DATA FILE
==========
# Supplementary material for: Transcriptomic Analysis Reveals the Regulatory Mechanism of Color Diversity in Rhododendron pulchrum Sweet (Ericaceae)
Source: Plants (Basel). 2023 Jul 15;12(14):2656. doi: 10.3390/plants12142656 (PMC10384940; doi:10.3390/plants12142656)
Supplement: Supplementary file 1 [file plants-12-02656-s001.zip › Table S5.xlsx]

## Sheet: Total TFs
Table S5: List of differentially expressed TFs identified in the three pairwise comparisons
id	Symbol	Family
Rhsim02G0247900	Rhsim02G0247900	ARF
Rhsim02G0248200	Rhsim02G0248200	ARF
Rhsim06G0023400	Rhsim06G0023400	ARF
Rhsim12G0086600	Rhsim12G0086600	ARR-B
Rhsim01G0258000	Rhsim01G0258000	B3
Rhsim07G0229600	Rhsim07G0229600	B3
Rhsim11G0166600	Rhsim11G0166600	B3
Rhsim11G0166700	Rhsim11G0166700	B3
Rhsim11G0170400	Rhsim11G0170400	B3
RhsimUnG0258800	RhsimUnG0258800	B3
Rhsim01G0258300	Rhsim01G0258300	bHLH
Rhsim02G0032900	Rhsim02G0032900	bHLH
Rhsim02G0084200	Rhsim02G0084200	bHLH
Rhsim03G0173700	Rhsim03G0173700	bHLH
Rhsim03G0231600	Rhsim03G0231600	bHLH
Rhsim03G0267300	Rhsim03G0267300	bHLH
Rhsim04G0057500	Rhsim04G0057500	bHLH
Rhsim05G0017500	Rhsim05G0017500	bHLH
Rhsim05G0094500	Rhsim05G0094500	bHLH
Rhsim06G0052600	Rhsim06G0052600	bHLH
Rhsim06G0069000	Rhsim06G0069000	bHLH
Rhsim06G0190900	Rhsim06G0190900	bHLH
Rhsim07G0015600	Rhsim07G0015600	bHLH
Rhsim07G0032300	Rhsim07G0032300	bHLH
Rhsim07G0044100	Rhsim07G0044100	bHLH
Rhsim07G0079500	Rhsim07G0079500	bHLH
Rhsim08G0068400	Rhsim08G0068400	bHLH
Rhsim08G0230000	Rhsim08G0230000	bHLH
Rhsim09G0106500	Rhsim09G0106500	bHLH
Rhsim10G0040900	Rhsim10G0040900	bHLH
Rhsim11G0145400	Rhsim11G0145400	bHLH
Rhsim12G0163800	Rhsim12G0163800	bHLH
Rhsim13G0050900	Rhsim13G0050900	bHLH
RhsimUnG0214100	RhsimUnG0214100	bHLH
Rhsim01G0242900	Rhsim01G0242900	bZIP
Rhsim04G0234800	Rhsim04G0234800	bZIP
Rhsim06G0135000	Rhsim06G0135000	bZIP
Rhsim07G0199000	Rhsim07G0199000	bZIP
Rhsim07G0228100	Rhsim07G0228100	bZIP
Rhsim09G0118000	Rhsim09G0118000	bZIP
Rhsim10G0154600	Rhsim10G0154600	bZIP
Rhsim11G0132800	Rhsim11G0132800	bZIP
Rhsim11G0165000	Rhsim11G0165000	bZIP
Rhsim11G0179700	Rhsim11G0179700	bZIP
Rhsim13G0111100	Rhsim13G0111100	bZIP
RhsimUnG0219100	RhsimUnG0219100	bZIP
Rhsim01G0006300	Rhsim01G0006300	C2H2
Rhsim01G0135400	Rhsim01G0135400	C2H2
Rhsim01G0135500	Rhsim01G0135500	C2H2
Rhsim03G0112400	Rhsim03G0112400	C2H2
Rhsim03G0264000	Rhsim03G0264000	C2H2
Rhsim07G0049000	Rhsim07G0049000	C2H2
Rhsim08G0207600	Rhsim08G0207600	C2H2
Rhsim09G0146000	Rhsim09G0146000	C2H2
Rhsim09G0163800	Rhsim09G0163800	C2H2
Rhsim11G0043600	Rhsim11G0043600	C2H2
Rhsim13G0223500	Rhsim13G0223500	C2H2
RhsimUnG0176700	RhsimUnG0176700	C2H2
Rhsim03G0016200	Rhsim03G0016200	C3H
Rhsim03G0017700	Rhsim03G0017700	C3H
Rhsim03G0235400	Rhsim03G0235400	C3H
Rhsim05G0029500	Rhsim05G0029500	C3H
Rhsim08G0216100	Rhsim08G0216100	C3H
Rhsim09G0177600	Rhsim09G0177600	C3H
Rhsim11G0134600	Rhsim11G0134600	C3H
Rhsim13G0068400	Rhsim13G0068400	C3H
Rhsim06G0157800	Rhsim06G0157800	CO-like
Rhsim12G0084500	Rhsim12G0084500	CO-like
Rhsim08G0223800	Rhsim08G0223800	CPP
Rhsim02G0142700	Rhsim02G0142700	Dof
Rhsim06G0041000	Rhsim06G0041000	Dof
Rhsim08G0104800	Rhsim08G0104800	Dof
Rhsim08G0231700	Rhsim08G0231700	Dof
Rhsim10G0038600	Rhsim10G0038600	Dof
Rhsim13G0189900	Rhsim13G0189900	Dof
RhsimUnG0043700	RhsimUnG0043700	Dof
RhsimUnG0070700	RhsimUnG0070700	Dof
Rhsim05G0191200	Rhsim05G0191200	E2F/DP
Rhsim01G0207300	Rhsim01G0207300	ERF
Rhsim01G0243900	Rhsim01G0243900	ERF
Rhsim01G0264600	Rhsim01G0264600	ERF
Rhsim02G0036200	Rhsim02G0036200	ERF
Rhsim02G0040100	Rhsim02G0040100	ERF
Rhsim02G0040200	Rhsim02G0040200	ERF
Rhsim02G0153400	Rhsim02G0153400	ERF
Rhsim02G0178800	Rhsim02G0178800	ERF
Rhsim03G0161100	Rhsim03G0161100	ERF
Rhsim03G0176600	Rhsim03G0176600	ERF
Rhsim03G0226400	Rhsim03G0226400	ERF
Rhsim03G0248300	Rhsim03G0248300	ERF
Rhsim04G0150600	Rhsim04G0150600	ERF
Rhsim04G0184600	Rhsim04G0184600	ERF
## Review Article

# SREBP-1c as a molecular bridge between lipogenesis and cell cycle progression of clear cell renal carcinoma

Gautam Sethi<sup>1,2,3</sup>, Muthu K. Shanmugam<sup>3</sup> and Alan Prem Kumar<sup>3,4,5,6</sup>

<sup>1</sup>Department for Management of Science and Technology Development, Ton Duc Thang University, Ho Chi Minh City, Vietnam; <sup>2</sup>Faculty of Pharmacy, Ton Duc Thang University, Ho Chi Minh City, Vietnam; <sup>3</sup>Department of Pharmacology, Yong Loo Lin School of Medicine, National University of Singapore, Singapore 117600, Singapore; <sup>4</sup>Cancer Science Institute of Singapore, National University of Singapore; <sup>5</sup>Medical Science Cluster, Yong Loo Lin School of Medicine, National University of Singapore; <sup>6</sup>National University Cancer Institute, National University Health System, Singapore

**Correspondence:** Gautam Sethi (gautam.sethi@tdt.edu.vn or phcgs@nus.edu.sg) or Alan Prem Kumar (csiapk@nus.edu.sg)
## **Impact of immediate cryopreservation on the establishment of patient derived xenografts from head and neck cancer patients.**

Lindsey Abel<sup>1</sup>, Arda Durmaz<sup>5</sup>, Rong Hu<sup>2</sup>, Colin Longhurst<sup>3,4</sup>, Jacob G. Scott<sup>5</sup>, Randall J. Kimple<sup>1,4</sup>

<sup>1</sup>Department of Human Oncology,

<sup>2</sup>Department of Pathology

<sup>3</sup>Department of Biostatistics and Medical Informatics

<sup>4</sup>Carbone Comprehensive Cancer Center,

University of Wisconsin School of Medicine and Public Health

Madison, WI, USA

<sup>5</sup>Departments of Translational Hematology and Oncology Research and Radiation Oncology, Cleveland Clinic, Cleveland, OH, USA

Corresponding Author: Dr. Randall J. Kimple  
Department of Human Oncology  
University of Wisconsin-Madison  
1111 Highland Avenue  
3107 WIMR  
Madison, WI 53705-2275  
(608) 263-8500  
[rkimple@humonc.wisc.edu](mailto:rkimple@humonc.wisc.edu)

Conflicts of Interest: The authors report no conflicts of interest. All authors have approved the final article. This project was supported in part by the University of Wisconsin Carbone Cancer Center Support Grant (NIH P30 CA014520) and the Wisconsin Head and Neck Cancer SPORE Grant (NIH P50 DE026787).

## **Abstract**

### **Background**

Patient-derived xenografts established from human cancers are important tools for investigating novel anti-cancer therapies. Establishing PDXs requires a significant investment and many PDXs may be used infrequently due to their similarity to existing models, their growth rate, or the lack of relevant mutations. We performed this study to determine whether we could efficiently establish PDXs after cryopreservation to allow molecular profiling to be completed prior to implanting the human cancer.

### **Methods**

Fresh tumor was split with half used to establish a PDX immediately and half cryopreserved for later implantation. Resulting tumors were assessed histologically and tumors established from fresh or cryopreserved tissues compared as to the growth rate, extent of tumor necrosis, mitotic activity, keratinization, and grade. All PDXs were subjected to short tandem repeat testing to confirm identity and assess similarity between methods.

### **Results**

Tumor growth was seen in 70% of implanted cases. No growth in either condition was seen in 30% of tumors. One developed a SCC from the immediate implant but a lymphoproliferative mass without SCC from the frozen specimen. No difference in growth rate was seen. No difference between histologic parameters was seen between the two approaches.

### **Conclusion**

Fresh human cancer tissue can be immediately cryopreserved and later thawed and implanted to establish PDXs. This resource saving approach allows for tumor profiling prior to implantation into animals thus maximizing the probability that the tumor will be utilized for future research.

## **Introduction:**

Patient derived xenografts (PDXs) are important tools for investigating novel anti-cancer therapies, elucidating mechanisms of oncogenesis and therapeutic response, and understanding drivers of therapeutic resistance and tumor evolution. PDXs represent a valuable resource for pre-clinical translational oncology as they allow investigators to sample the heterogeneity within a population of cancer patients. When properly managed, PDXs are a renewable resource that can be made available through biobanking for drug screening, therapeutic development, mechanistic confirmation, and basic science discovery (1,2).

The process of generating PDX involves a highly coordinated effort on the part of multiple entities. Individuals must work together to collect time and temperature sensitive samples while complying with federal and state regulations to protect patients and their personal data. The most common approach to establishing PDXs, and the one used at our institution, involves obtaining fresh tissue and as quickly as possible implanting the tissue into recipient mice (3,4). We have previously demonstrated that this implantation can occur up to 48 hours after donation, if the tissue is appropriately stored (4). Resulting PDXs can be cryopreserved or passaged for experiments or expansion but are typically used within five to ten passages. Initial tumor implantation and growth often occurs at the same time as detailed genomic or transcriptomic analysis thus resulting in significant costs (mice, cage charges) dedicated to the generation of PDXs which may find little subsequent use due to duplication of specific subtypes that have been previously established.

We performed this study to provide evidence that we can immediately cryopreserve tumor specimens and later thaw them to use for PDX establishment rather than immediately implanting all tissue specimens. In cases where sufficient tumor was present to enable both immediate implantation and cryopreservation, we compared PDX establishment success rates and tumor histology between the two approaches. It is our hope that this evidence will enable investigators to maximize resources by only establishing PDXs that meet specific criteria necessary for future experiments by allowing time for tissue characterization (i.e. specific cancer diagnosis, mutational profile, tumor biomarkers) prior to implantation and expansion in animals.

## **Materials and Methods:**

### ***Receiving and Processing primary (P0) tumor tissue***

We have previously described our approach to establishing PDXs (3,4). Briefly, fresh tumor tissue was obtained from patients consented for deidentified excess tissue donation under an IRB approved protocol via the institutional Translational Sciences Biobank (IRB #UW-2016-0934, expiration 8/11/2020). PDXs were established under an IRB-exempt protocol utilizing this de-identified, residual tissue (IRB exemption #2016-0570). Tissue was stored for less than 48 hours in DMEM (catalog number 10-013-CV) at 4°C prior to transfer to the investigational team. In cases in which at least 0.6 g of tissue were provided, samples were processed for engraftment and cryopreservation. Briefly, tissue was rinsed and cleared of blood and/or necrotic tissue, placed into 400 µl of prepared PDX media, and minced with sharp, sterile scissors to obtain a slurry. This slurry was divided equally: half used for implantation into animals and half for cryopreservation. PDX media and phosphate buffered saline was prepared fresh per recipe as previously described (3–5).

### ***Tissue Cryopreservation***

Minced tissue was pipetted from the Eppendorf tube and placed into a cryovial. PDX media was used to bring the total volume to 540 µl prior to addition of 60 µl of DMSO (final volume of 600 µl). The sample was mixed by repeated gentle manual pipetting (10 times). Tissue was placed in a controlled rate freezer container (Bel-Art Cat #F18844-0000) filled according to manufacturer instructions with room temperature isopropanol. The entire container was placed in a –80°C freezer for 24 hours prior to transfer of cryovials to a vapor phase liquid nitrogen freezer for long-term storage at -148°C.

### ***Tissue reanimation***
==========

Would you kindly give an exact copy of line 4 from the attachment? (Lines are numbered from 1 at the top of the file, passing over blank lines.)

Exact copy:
## Sheet: Total TFs